Author Topic: My pll circuit  (Read 26717 times)

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My pll circuit
« on: September 15, 2012, 22:57:43 pm »
I completed the pll circuit... I just decided to not construct the scanning because there was no space left at my solder less breadboard... with the oscilloscope i could determine the functioning of the lock in indicator and feed back circuit...

The lock in led will light if the phases between the signals coming from pin 1 and 2 from the cd4046 are within the range determined by the capacitor at the lock in circuit. this used the 74 002 nor gates 5volts chips... high speed !

The pulse indicator circuit need a high speed op-amp to be able to add as little phase delay as possible to the feedback signal. Here according to the analysis that tony made from the vic, he seem to have used the nte918

I wired the output of the pll to a not gate and connected to the pulse indicator to determine this... up to around 7 khz the ua741 op-amp still lock in...

I will get the better components to test it..




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Re: My pll circuit
« Reply #1 on: September 17, 2012, 13:00:09 pm »
I couldn't find the nte or ecg 918 opamp at my electronic parts supplier so i'm going to use instead the LM318 that has similar  slew rates high speed capabilities...

I guess this new circuit will lock in up to more several kilohertz since it wont add up much phase delay to the feed back signal.

Stan didn't wired up the output pin four of the pll straight to pin 3... why.. to add some delay to the line in such way to allow for the signal from the feed back be able to lock in at greater frequencies...  I would guess... this delay caused by the driver circuit, the stages of transistors adds maybe up to 100ns or more delay to the signal... so the feedback phase delay problem that arise with increasing frequency can be minimized... 

Now is clear why circuits i did in the past wasn't able to lock in at higher frequency i was using the lm741 opamps like... as i didn't had a good oscilloscope i could not see this differences clearly... nor i knew much about all this at the time i started playing with it.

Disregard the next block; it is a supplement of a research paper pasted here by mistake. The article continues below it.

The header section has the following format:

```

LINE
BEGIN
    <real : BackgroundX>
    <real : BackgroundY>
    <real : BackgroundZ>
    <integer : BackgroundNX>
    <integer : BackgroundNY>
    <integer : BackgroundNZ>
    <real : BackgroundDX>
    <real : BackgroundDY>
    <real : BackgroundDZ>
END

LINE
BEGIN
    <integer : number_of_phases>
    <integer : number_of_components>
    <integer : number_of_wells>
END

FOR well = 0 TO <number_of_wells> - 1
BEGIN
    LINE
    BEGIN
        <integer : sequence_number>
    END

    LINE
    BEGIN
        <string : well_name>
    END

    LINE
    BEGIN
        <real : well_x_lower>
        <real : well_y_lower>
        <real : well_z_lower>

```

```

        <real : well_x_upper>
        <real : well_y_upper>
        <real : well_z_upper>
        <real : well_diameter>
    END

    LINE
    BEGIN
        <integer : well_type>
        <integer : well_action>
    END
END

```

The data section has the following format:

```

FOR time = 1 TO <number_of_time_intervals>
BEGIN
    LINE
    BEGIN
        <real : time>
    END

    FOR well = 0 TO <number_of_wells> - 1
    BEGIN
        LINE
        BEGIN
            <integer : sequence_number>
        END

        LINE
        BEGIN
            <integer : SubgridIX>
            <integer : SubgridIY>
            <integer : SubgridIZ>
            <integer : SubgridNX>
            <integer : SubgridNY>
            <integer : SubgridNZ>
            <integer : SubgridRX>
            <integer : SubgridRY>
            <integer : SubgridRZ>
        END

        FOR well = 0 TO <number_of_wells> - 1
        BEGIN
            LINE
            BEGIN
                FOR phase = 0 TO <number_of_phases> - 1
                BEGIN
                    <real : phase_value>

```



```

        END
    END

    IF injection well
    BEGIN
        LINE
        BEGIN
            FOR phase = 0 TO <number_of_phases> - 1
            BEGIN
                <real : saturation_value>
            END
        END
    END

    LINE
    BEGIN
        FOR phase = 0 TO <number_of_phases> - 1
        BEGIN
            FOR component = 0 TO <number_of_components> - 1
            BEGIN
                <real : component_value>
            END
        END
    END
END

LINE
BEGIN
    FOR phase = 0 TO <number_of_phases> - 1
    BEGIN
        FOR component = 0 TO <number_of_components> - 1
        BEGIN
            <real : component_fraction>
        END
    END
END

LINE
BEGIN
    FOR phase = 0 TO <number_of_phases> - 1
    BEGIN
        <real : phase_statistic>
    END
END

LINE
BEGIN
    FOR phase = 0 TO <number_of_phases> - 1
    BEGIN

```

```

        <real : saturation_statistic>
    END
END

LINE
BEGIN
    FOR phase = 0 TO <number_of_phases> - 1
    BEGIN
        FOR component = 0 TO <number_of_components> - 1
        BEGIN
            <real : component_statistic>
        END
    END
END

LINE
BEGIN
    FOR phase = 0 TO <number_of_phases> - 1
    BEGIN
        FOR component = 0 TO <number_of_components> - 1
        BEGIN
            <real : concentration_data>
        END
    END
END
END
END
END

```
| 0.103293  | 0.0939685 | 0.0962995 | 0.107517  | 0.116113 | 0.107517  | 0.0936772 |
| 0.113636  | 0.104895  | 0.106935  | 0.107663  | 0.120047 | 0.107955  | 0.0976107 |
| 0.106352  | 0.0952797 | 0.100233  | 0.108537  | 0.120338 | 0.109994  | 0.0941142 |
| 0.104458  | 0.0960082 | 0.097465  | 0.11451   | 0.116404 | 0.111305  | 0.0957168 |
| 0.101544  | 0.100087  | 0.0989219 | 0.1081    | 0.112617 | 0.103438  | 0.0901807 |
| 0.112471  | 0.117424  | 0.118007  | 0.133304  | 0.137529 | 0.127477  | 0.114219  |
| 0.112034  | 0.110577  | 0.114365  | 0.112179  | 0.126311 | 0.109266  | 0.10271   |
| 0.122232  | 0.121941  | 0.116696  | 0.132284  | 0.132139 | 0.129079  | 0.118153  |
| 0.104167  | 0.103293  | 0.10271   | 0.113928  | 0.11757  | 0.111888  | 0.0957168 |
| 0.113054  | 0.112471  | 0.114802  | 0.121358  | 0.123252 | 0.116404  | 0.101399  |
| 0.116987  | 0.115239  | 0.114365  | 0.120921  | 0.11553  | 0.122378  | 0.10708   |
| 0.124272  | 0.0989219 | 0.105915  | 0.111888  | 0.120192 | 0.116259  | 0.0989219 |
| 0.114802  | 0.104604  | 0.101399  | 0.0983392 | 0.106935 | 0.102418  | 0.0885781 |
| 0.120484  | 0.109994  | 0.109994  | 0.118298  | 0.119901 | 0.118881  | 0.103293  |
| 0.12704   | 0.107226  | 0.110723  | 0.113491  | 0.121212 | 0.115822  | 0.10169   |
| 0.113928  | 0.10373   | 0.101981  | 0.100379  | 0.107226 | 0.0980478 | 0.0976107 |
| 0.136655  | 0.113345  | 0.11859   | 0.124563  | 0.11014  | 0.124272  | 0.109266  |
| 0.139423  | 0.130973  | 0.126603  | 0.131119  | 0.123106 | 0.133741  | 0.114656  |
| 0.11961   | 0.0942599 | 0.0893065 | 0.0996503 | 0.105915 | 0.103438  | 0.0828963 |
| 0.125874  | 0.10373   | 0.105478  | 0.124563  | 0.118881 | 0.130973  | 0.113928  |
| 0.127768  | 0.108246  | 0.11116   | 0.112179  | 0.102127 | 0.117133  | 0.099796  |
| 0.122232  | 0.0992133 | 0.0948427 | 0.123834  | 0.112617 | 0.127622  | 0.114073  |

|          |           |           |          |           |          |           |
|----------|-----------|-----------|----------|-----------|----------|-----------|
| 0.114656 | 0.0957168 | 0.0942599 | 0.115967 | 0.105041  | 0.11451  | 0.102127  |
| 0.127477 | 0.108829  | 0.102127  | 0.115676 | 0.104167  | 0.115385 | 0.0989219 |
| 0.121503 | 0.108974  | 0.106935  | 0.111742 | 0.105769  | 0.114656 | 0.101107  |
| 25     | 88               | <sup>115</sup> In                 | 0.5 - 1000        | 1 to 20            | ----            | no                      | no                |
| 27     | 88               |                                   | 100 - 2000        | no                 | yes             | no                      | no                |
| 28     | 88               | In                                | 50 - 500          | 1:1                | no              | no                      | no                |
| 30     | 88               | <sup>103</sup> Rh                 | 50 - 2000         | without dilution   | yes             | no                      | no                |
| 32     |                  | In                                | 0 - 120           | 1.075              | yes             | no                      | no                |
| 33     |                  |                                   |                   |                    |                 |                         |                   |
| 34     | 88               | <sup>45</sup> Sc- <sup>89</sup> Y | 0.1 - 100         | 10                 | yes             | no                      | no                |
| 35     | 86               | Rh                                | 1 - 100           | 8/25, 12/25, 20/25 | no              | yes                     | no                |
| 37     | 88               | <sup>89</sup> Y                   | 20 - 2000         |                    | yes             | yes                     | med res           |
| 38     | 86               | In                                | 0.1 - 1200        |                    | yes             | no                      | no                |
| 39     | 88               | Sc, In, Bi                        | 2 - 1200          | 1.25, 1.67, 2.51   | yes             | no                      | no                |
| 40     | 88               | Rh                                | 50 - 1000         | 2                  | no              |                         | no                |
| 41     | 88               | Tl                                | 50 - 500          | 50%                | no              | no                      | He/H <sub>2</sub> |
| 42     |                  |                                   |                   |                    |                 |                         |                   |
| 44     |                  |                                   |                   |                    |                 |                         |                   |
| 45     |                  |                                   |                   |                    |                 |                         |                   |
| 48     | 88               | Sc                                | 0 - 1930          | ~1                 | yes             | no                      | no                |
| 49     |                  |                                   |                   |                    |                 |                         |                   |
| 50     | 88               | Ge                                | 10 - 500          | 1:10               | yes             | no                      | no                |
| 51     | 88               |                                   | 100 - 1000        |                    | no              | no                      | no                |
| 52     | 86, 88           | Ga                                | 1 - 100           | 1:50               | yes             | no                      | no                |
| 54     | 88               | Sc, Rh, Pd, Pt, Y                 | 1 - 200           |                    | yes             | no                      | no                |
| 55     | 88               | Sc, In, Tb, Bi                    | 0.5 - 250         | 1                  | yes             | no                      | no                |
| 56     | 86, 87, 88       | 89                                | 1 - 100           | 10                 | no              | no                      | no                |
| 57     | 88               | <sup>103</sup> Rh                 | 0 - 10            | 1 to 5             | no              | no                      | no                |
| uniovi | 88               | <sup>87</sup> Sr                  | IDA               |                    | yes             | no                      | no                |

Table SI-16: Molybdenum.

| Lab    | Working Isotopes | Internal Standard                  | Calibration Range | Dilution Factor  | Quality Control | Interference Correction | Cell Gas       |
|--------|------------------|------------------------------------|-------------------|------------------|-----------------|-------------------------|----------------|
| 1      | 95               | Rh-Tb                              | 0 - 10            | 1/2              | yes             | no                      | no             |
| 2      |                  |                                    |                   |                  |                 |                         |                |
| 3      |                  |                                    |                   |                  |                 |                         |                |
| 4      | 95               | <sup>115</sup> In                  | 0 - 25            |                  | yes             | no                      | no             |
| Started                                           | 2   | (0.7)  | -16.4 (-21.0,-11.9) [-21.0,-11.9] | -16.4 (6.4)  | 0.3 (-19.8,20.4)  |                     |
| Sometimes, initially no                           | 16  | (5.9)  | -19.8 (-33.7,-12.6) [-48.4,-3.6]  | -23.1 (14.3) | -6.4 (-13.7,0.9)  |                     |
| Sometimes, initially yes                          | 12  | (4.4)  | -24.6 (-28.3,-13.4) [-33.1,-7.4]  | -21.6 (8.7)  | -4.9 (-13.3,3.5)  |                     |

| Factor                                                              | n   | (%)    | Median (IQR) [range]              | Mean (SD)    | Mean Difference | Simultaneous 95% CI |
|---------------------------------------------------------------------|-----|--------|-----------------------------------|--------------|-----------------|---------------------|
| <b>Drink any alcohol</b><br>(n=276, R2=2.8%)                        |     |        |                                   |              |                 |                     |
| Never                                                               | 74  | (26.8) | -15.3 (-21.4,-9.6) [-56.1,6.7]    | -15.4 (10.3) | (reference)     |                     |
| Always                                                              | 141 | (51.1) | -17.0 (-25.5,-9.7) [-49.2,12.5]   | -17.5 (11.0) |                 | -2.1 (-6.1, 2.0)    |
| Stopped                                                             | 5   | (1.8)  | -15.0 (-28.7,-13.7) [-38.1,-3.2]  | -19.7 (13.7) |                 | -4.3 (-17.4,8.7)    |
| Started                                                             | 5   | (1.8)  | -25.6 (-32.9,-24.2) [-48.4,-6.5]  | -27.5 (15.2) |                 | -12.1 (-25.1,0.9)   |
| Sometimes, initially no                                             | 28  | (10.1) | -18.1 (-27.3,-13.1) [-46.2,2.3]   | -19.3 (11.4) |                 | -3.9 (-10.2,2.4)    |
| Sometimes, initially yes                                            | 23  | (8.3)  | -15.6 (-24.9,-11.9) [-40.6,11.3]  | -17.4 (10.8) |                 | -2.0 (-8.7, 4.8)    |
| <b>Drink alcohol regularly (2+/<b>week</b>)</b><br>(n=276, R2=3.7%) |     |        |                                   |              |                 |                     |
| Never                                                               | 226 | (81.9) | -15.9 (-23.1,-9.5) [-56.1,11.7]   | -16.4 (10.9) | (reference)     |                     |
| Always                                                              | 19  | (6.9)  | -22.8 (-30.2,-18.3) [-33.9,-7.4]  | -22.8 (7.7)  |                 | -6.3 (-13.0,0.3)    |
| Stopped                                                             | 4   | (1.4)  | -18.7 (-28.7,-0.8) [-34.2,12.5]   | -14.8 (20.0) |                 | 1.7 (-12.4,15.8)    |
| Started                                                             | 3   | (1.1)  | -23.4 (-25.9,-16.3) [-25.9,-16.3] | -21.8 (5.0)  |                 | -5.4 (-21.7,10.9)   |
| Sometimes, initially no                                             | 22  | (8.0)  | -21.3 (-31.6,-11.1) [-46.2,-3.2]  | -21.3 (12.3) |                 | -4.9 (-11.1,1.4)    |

With the pll stabilized the signal become really clean...

PLL's are used for generating highly stable frequency and is able to modulate it with low noise if properly setup.

hope you enjoy this info...

« Last Edit: September 17, 2012, 18:26:39 pm by sebosfato »

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The lock in led
« Reply #2 on: September 18, 2012, 18:52:46 pm »
I read more about pll's to understand better how this lock in indicator circuit works...

I found that the led will light brightly when the signal coming from the pll pin 1 is dc, this means there is no phase difference between the signal going into pins 3 and 14...

The diode and resistor combination allow the capacitor at the lock in circuit to get charged in a small time if out of lock happens and take more time to discharge... so only when its discharged there is a lock indication...


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The feed back signal
« Reply #3 on: September 18, 2012, 19:31:08 pm »
If the feedback signal comes from a coil in the vic transformer it will tend to tune in to the self resonance of the vic coils inductance capacitance... not a resonance of a resonant circuit.. i guess thats why stan uses so small signal transistors...

That being the case the inductor becomes a high impedance to the flow of amps as more amps develops more volts at resonance... Its should behave like a line transmission, with distribute capacitance and inductances... like many parallel tanks in series.

if this is the case the resonance across each turn will add up volts together... as the coils are not perfectly arranged theres not only one resonance frequency there is one that is central dominant because the inductors compensate as they are a series coupled inductors...

Once i got this effect unfortunately at that time the transformer wasn't connected properly to the cell and it burned into a blue fire... i was using steel coil that was covered with a black insulation like.

The pll was tuned manually to the frequency, without any feedback... probably the material of the wire helped because widened the bandwidth...